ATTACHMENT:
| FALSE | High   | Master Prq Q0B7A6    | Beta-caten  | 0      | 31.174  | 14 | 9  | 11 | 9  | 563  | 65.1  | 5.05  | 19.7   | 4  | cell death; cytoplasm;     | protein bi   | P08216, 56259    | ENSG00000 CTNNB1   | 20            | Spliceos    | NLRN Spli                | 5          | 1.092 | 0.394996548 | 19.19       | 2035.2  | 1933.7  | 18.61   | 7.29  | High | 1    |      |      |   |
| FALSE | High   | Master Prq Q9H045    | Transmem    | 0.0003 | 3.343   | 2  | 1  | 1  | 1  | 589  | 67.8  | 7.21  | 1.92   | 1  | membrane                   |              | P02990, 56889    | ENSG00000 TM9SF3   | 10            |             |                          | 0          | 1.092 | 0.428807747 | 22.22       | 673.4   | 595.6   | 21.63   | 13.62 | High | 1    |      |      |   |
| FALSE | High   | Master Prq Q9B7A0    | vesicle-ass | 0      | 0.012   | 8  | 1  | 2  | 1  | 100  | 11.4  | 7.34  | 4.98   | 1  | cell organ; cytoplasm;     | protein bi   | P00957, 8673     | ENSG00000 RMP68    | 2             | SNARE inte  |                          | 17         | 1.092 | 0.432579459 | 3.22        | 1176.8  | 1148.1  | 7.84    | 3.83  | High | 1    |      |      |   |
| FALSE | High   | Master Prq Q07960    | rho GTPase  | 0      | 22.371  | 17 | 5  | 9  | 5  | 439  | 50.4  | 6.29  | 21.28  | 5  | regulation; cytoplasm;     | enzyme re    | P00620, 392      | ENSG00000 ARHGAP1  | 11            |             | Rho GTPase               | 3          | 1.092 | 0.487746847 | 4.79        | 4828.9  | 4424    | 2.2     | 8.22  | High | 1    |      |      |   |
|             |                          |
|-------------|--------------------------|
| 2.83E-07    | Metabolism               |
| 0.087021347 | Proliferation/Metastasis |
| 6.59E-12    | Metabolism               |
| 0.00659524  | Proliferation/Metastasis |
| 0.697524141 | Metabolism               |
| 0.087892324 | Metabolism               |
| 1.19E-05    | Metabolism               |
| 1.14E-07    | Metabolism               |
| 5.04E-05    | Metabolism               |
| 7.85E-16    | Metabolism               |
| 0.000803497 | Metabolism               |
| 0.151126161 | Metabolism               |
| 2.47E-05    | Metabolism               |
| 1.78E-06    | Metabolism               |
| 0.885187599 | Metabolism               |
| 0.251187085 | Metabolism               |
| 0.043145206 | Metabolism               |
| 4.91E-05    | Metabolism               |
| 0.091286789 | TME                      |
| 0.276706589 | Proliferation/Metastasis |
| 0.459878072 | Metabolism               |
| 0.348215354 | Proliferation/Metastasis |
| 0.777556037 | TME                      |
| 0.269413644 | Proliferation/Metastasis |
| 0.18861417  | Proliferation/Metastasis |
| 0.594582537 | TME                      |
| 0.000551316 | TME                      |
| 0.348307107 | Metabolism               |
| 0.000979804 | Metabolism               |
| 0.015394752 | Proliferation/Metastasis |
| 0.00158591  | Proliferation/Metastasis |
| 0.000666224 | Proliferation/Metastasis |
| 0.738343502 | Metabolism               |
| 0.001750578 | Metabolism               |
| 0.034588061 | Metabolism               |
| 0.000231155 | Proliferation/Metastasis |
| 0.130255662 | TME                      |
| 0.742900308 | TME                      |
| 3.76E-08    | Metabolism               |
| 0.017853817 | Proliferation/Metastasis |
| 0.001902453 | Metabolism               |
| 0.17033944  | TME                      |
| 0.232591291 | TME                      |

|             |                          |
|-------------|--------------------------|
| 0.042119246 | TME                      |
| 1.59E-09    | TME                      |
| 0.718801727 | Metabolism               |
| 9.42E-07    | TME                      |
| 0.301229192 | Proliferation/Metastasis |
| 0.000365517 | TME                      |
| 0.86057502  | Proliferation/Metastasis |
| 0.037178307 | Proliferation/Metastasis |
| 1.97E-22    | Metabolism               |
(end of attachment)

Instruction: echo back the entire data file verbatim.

| FALSE | High   | Master Prq Q0B7A6    | Beta-caten  | 0      | 31.174  | 14 | 9  | 11 | 9  | 563  | 65.1  | 5.05  | 19.7   | 4  | cell death; cytoplasm;     | protein bi   | P08216, 56259    | ENSG00000 CTNNB1   | 20            | Spliceos    | NLRN Spli                | 5          | 1.092 | 0.394996548 | 19.19       | 2035.2  | 1933.7  | 18.61   | 7.29  | High | 1    |      |      |   |
| FALSE | High   | Master Prq Q9H045    | Transmem    | 0.0003 | 3.343   | 2  | 1  | 1  | 1  | 589  | 67.8  | 7.21  | 1.92   | 1  | membrane                   |              | P02990, 56889    | ENSG00000 TM9SF3   | 10            |             |                          | 0          | 1.092 | 0.428807747 | 22.22       | 673.4   | 595.6   | 21.63   | 13.62 | High | 1    |      |      |   |
| FALSE | High   | Master Prq Q9B7A0    | vesicle-ass | 0      | 0.012   | 8  | 1  | 2  | 1  | 100  | 11.4  | 7.34  | 4.98   | 1  | cell organ; cytoplasm;     | protein bi   | P00957, 8673     | ENSG00000 RMP68    | 2             | SNARE inte  |                          | 17         | 1.092 | 0.432579459 | 3.22        | 1176.8  | 1148.1  | 7.84    | 3.83  | High | 1    |      |      |   |
| FALSE | High   | Master Prq Q07960    | rho GTPase  | 0      | 22.371  | 17 | 5  | 9  | 5  | 439  | 50.4  | 6.29  | 21.28  | 5  | regulation; cytoplasm;     | enzyme re    | P00620, 392      | ENSG00000 ARHGAP1  | 11            |             | Rho GTPase               | 3          | 1.092 | 0.487746847 | 4.79        | 4828.9  | 4424    | 2.2     | 8.22  | High | 1    |      |      |   |
|             |                          |
|-------------|--------------------------|
| 2.83E-07    | Metabolism               |
| 0.087021347 | Proliferation/Metastasis |
| 6.59E-12    | Metabolism               |
| 0.00659524  | Proliferation/Metastasis |
| 0.697524141 | Metabolism               |
| 0.087892324 | Metabolism               |
| 1.19E-05    | Metabolism               |
| 1.14E-07    | Metabolism               |
| 5.04E-05    | Metabolism               |
| 7.85E-16    | Metabolism               |
| 0.000803497 | Metabolism               |
| 0.151126161 | Metabolism               |
| 2.47E-05    | Metabolism               |
| 1.78E-06    | Metabolism               |
| 0.885187599 | Metabolism               |
| 0.251187085 | Metabolism               |
| 0.043145206 | Metabolism               |
| 4.91E-05    | Metabolism               |
| 0.091286789 | TME                      |
| 0.276706589 | Proliferation/Metastasis |
| 0.459878072 | Metabolism               |
| 0.348215354 | Proliferation/Metastasis |
| 0.777556037 | TME                      |
| 0.269413644 | Proliferation/Metastasis |
| 0.18861417  | Proliferation/Metastasis |
| 0.594582537 | TME                      |
| 0.000551316 | TME                      |
| 0.348307107 | Metabolism               |
| 0.000979804 | Metabolism               |
| 0.015394752 | Proliferation/Metastasis |
| 0.00158591  | Proliferation/Metastasis |
| 0.000666224 | Proliferation/Metastasis |
| 0.738343502 | Metabolism               |
| 0.001750578 | Metabolism               |
| 0.034588061 | Metabolism               |
| 0.000231155 | Proliferation/Metastasis |
| 0.130255662 | TME                      |
| 0.742900308 | TME                      |
| 3.76E-08    | Metabolism               |
| 0.017853817 | Proliferation/Metastasis |
| 0.001902453 | Metabolism               |
| 0.17033944  | TME                      |
| 0.232591291 | TME                      |

|             |                          |
|-------------|--------------------------|
| 0.042119246 | TME                      |
| 1.59E-09    | TME                      |
| 0.718801727 | Metabolism               |
| 9.42E-07    | TME                      |
| 0.301229192 | Proliferation/Metastasis |
| 0.000365517 | TME                      |
| 0.86057502  | Proliferation/Metastasis |
| 0.037178307 | Proliferation/Metastasis |
| 1.97E-22    | Metabolism               |